Shannon Reed is a storyteller who loves learning about and sharing the history of people and places that impacted society from years past.
Reed assumed the position of historic preservation officer for Newton and North Newton on July 11. Originally from Topeka, Reed attended Wichita State University, studying geology, anthropology, criminal justice and public history. Her masters degree is in cultural and biological anthropology with an emphasis in forensics.
"People as a whole really fascinate me," Reed said. "I'm not in it for the buildings, I'm in it for the people, for the history, the stories they tell."
Reed has experience as a legal secretary, insurance processor and office manager for Wichita State University's anthropology department. She currently lives in Wichita and commutes to Newton to take on what she calls her "dream job."
"Everything historic fascinates me, I can't get enough of it," Reed said. "Whenever we go to a bigger town, I always go on the ghost tours — not so much for the supernatural aspect, but for the history — the weird history, the stuff no one talks about...I love that stuff. That's why historic preservation is so important to me. I think the stories are attached to the buildings and the buildings are attached to the stories, it's a symbiotic relationship, you can't have one without the other. They kind of lose something if you lose one or the other."
Reed said she has enjoyed getting to know the history of Newton, from the impact of the railroad to the cowboy years to the long-standing influence of Bethel College.
"I'm really excited about the driving tour we have coming up" Reed said, noting it is being made possible through a state grant. "It's going to have an interactive website you can have on your phone, a map that you can download on your phone that will give you additional information that the brochure doesn't about each location."
Reed shared that she never got to see 815 N. Main before it was torn down.
"It's just a shame to lose (old) buildings, especially ones that have such a prominent space in the town," Reed said.
One historic place in Newton that Reed is looking to help preserve is the Warkentin House.
"It definitely needs some work," Reed noted. "Through the Historical Preservation office, we're looking into some grants that might help offset some of those costs."
"It's just a beautiful symbol of that age," Reed added. "Go in that house and you just step back (in time). I just gaze at it in wonder. Right now, we're in a society of cookie cutter houses, cookie cutter neighborhoods, and to have houses still around that have that character, have that soul of time gone by...because Newton has done such a good job with the historic districts and keeping up with the regulations and the standards and guidelines is wonderful."
Researching properties and finding information and photos to share with people is a major component of the job that Reed said is equal parts education, preservation and communication.
"You can look at a house from the outside and think, 'Yeah, that's a really pretty house,' or 'That's a nice porch,' or 'Oh, look at the columns,' but to look at it as it was being constructed or right after it was constructed...I just think it's wonderful to see the progression."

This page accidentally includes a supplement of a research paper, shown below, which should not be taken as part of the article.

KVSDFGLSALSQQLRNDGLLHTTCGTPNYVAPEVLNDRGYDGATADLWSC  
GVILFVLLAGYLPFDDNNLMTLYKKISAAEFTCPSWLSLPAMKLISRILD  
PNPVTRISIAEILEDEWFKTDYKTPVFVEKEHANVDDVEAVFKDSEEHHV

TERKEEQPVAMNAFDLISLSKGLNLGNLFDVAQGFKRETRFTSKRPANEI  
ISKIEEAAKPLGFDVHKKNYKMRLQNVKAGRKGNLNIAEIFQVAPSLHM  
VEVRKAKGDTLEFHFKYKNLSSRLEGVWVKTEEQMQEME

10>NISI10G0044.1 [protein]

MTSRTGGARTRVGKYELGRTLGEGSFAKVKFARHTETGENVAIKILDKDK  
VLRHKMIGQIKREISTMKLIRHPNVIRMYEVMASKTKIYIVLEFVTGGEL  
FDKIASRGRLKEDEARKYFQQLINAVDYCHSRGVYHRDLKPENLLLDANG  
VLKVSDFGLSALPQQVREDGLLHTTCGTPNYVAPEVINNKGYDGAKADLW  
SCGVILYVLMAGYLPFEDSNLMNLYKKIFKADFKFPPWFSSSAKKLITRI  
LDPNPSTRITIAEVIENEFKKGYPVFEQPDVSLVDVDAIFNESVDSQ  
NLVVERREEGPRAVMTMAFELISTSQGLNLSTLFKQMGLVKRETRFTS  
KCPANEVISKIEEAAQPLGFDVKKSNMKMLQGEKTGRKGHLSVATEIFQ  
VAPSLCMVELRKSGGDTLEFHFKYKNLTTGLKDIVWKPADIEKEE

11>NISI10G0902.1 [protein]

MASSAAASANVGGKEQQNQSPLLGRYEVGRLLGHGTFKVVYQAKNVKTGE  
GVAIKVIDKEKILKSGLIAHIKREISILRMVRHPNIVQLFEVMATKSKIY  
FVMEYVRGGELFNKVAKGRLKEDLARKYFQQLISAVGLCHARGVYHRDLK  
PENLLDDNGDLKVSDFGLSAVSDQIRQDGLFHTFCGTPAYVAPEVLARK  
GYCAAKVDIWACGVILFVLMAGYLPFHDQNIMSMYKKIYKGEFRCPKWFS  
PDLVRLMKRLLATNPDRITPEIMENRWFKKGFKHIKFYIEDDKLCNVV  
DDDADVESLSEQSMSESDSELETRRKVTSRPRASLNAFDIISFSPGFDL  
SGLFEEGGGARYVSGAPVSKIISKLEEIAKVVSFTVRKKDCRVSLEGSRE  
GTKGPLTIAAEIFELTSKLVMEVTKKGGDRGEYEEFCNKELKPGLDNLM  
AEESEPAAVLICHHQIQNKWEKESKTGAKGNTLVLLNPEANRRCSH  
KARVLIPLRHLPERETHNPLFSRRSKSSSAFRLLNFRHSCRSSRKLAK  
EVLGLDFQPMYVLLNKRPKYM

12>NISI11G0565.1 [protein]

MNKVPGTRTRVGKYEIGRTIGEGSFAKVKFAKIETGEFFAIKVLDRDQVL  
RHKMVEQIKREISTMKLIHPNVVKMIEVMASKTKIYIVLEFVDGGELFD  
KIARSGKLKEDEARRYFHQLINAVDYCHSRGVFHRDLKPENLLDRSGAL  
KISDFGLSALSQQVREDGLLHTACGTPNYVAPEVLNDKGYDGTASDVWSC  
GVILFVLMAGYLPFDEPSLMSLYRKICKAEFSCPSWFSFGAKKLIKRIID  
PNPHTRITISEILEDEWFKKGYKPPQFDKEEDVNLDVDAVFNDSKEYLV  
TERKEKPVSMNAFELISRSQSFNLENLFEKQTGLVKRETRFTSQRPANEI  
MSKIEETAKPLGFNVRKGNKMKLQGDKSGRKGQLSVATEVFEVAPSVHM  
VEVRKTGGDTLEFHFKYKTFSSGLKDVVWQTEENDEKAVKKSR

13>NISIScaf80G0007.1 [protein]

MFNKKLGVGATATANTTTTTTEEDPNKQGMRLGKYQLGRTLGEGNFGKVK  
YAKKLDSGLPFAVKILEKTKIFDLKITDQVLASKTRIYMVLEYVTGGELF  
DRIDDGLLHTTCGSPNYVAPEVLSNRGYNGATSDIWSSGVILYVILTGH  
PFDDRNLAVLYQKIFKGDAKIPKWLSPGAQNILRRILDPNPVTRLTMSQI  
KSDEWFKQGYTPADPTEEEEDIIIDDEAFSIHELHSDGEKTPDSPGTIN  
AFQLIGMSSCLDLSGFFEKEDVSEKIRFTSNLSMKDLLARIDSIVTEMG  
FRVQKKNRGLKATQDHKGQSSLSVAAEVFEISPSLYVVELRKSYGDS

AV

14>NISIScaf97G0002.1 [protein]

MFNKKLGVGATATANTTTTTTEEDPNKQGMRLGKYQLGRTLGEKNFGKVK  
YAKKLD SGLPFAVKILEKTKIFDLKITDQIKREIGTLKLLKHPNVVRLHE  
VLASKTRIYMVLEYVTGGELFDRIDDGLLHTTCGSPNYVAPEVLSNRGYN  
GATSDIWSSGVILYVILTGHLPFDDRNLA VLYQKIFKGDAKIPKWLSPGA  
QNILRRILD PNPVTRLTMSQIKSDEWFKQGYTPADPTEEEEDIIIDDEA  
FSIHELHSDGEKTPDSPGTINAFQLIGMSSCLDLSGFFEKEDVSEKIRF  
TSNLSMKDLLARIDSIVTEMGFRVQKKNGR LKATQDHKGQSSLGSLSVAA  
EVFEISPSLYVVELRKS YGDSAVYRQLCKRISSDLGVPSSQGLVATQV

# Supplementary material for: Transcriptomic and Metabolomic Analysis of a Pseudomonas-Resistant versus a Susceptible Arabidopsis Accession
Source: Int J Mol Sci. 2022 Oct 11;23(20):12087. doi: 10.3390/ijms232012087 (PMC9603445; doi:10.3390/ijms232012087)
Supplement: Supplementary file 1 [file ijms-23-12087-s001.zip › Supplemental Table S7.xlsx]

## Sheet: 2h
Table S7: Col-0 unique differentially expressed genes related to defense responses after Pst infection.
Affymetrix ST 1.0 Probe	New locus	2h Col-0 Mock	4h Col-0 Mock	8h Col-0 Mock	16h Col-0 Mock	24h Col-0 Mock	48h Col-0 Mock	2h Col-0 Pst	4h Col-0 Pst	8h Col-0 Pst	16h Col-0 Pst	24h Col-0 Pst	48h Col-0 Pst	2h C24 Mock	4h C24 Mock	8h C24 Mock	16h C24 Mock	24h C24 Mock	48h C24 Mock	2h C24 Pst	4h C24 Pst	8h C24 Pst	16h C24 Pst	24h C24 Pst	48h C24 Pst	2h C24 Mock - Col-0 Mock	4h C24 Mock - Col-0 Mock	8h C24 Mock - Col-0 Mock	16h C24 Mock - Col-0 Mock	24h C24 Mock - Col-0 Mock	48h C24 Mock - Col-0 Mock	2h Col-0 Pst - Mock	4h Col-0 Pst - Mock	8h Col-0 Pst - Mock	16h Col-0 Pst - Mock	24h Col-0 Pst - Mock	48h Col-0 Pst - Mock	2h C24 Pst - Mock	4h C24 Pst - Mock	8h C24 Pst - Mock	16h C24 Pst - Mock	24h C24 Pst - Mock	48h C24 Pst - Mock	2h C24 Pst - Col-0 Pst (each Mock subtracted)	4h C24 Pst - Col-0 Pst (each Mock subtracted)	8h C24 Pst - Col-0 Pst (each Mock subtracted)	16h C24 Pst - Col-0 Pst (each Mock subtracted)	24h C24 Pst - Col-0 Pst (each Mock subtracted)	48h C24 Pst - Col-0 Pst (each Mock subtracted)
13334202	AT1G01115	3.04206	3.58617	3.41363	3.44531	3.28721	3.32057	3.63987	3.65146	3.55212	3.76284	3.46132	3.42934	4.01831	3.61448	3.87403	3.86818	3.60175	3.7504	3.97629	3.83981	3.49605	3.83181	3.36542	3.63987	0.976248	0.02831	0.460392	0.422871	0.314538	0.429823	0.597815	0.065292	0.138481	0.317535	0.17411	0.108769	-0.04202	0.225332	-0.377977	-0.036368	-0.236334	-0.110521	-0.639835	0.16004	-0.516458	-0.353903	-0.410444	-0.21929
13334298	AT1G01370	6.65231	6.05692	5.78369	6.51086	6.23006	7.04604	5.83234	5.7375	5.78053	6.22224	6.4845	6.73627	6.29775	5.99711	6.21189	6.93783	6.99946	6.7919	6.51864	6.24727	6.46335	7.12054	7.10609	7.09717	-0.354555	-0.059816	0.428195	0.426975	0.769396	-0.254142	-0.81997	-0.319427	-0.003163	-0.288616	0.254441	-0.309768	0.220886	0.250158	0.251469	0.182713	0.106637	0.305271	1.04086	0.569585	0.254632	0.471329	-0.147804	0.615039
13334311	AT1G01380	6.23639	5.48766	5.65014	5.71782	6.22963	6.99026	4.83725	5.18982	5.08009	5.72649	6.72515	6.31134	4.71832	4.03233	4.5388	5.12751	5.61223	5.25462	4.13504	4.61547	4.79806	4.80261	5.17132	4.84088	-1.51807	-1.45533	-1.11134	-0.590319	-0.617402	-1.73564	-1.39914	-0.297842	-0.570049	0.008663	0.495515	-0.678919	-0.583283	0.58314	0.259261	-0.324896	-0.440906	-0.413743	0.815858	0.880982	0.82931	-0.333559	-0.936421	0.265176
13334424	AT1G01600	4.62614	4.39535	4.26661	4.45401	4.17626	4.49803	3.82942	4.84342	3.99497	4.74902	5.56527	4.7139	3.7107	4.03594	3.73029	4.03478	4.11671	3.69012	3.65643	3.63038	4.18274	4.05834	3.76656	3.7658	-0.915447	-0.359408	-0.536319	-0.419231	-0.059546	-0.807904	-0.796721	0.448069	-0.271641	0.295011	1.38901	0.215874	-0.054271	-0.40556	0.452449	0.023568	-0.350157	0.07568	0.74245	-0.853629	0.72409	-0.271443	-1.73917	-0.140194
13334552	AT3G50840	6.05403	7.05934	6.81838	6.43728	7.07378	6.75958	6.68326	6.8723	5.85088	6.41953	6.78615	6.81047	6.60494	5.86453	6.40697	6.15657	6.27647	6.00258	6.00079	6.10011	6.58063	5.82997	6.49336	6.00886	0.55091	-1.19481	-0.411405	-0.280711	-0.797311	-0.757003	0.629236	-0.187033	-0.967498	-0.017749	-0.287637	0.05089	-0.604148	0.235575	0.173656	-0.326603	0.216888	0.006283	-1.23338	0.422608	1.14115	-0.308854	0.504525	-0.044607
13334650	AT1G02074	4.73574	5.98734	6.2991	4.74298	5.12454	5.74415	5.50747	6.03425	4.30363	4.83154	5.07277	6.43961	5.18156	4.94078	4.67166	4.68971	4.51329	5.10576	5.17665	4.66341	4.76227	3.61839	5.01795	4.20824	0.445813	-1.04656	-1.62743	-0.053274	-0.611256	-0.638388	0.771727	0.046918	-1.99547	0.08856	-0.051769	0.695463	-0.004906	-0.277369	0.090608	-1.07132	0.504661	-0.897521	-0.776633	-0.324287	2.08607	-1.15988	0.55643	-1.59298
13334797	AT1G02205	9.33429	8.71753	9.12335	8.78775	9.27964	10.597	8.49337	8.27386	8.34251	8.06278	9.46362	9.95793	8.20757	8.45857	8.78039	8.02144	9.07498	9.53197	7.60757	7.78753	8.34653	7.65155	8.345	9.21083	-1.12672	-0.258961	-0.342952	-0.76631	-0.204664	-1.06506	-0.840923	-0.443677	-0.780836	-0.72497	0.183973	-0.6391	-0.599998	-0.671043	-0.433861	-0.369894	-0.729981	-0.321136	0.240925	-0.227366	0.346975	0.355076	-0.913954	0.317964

Reed handles all of the local and state design reviews, providing answers for historic property owners when they have questions about changes they want to make to their buildings.
"I just guide (owners) in the right direction, especially if they're claiming tax credits," Reed said. "If I wasn't here, people would have a harder time learning that...so they may do something they didn't know was detrimental to their (historic) designation."
To be placed on the state or national register of historic places, a property must have historical significance, whether it be through the owner, architect, its style of architecture, location or tie to historical events, Reed stated. The property must also have at least 50 percent of the original integrity of the building and be at least 50 years old.
Reed fields questions about roofing materials, additional construction, paint types, recommended paint colors and more.
"This isn't an HOA," Reed said. "It's not that we have the end-all authority on somebody's property, because we don't, we can just guide them on what would be approved or not be approved and if you do too much, what can be taken away. I know a lot of people really enjoy those designations, it's a feat to go through all that paperwork...and physical labor."
One of only 17 historic preservation officers in Kansas, Reed writes grants, gives workshops and works to help Newton maintain its Certified Local Government (CLG) status, which partners them with the Federal Historic Preservation Program and makes it easier to maintain historic districts.
"(Newton) worked so hard to put (grants) in place, I'd hate to see anything happen," Reed said. "It's really important the city maintain their CLG status...when they put in so much time and money."